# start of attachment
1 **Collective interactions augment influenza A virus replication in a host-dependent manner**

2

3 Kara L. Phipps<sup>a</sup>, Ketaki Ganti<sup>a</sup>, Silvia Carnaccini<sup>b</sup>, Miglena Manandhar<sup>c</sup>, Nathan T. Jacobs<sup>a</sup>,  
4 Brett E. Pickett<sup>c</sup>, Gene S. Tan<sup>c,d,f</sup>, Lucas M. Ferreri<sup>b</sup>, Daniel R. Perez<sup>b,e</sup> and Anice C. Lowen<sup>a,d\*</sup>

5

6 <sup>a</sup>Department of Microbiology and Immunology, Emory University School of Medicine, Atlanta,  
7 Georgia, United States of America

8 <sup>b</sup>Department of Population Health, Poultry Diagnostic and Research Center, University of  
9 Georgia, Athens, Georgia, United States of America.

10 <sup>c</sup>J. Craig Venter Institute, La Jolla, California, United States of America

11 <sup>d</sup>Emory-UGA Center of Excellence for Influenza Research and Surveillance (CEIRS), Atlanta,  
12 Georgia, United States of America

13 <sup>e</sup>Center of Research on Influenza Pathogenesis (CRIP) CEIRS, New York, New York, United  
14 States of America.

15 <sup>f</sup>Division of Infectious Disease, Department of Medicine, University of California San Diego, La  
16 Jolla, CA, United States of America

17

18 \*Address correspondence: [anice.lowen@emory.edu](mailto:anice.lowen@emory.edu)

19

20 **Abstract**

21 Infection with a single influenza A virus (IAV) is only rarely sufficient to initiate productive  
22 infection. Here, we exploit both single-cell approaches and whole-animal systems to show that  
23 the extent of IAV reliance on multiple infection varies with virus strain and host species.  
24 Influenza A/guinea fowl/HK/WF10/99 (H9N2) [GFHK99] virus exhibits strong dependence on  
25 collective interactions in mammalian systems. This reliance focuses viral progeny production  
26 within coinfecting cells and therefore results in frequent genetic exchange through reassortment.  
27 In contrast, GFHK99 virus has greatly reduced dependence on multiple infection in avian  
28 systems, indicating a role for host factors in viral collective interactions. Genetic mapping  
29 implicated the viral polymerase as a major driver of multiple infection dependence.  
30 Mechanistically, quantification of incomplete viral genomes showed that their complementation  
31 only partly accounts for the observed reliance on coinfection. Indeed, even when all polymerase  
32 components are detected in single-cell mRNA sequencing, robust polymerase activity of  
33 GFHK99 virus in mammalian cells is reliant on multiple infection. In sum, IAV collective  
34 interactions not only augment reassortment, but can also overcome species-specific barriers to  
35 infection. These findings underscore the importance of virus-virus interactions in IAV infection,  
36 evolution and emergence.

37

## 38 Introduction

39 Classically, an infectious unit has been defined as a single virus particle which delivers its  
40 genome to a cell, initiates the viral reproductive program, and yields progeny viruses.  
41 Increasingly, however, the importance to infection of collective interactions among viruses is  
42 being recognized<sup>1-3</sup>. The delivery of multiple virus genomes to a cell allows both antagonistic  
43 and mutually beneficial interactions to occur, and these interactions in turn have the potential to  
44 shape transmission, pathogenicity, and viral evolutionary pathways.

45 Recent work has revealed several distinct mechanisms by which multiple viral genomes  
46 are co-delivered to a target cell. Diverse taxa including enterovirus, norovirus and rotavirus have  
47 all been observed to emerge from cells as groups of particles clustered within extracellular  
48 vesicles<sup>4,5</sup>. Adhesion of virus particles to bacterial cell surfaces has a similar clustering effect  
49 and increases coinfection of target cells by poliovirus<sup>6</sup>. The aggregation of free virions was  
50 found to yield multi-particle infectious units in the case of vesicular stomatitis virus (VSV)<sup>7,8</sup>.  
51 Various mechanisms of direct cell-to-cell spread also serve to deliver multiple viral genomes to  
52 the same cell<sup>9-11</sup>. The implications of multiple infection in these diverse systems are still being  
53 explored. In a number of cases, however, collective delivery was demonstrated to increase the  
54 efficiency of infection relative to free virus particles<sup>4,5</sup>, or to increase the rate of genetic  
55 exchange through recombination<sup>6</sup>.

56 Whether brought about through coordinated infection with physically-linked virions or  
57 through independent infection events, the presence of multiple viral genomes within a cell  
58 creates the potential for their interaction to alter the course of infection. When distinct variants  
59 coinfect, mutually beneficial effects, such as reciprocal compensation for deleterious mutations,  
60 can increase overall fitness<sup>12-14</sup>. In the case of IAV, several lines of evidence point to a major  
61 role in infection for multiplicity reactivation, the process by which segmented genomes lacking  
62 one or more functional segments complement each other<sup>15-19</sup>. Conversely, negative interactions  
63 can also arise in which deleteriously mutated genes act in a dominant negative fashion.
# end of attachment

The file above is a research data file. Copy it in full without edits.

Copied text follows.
1 **Collective interactions augment influenza A virus replication in a host-dependent manner**

2

3 Kara L. Phipps<sup>a</sup>, Ketaki Ganti<sup>a</sup>, Silvia Carnaccini<sup>b</sup>, Miglena Manandhar<sup>c</sup>, Nathan T. Jacobs<sup>a</sup>,  
4 Brett E. Pickett<sup>c</sup>, Gene S. Tan<sup>c,d,f</sup>, Lucas M. Ferreri<sup>b</sup>, Daniel R. Perez<sup>b,e</sup> and Anice C. Lowen<sup>a,d\*</sup>

5

6 <sup>a</sup>Department of Microbiology and Immunology, Emory University School of Medicine, Atlanta,  
7 Georgia, United States of America

8 <sup>b</sup>Department of Population Health, Poultry Diagnostic and Research Center, University of  
9 Georgia, Athens, Georgia, United States of America.

10 <sup>c</sup>J. Craig Venter Institute, La Jolla, California, United States of America

11 <sup>d</sup>Emory-UGA Center of Excellence for Influenza Research and Surveillance (CEIRS), Atlanta,  
12 Georgia, United States of America

13 <sup>e</sup>Center of Research on Influenza Pathogenesis (CRIP) CEIRS, New York, New York, United  
14 States of America.

15 <sup>f</sup>Division of Infectious Disease, Department of Medicine, University of California San Diego, La  
16 Jolla, CA, United States of America

17

18 \*Address correspondence: [anice.lowen@emory.edu](mailto:anice.lowen@emory.edu)

19

20 **Abstract**

21 Infection with a single influenza A virus (IAV) is only rarely sufficient to initiate productive  
22 infection. Here, we exploit both single-cell approaches and whole-animal systems to show that  
23 the extent of IAV reliance on multiple infection varies with virus strain and host species.  
24 Influenza A/guinea fowl/HK/WF10/99 (H9N2) [GFHK99] virus exhibits strong dependence on  
25 collective interactions in mammalian systems. This reliance focuses viral progeny production  
26 within coinfecting cells and therefore results in frequent genetic exchange through reassortment.  
27 In contrast, GFHK99 virus has greatly reduced dependence on multiple infection in avian  
28 systems, indicating a role for host factors in viral collective interactions. Genetic mapping  
29 implicated the viral polymerase as a major driver of multiple infection dependence.  
30 Mechanistically, quantification of incomplete viral genomes showed that their complementation  
31 only partly accounts for the observed reliance on coinfection. Indeed, even when all polymerase  
32 components are detected in single-cell mRNA sequencing, robust polymerase activity of  
33 GFHK99 virus in mammalian cells is reliant on multiple infection. In sum, IAV collective  
34 interactions not only augment reassortment, but can also overcome species-specific barriers to  
35 infection. These findings underscore the importance of virus-virus interactions in IAV infection,  
36 evolution and emergence.

37

## 38 Introduction

39 Classically, an infectious unit has been defined as a single virus particle which delivers its  
40 genome to a cell, initiates the viral reproductive program, and yields progeny viruses.  
41 Increasingly, however, the importance to infection of collective interactions among viruses is  
42 being recognized<sup>1-3</sup>. The delivery of multiple virus genomes to a cell allows both antagonistic  
43 and mutually beneficial interactions to occur, and these interactions in turn have the potential to  
44 shape transmission, pathogenicity, and viral evolutionary pathways.

45 Recent work has revealed several distinct mechanisms by which multiple viral genomes  
46 are co-delivered to a target cell. Diverse taxa including enterovirus, norovirus and rotavirus have  
47 all been observed to emerge from cells as groups of particles clustered within extracellular  
48 vesicles<sup>4,5</sup>. Adhesion of virus particles to bacterial cell surfaces has a similar clustering effect  
49 and increases coinfection of target cells by poliovirus<sup>6</sup>. The aggregation of free virions was  
50 found to yield multi-particle infectious units in the case of vesicular stomatitis virus (VSV)<sup>7,8</sup>.  
51 Various mechanisms of direct cell-to-cell spread also serve to deliver multiple viral genomes to  
52 the same cell<sup>9-11</sup>. The implications of multiple infection in these diverse systems are still being  
53 explored. In a number of cases, however, collective delivery was demonstrated to increase the  
54 efficiency of infection relative to free virus particles<sup>4,5</sup>, or to increase the rate of genetic  
55 exchange through recombination<sup>6</sup>.

56 Whether brought about through coordinated infection with physically-linked virions or  
57 through independent infection events, the presence of multiple viral genomes within a cell  
58 creates the potential for their interaction to alter the course of infection. When distinct variants  
59 coinfect, mutually beneficial effects, such as reciprocal compensation for deleterious mutations,  
60 can increase overall fitness<sup>12-14</sup>. In the case of IAV, several lines of evidence point to a major  
61 role in infection for multiplicity reactivation, the process by which segmented genomes lacking  
62 one or more functional segments complement each other<sup>15-19</sup>. Conversely, negative interactions  
63 can also arise in which deleteriously mutated genes act in a dominant negative fashion.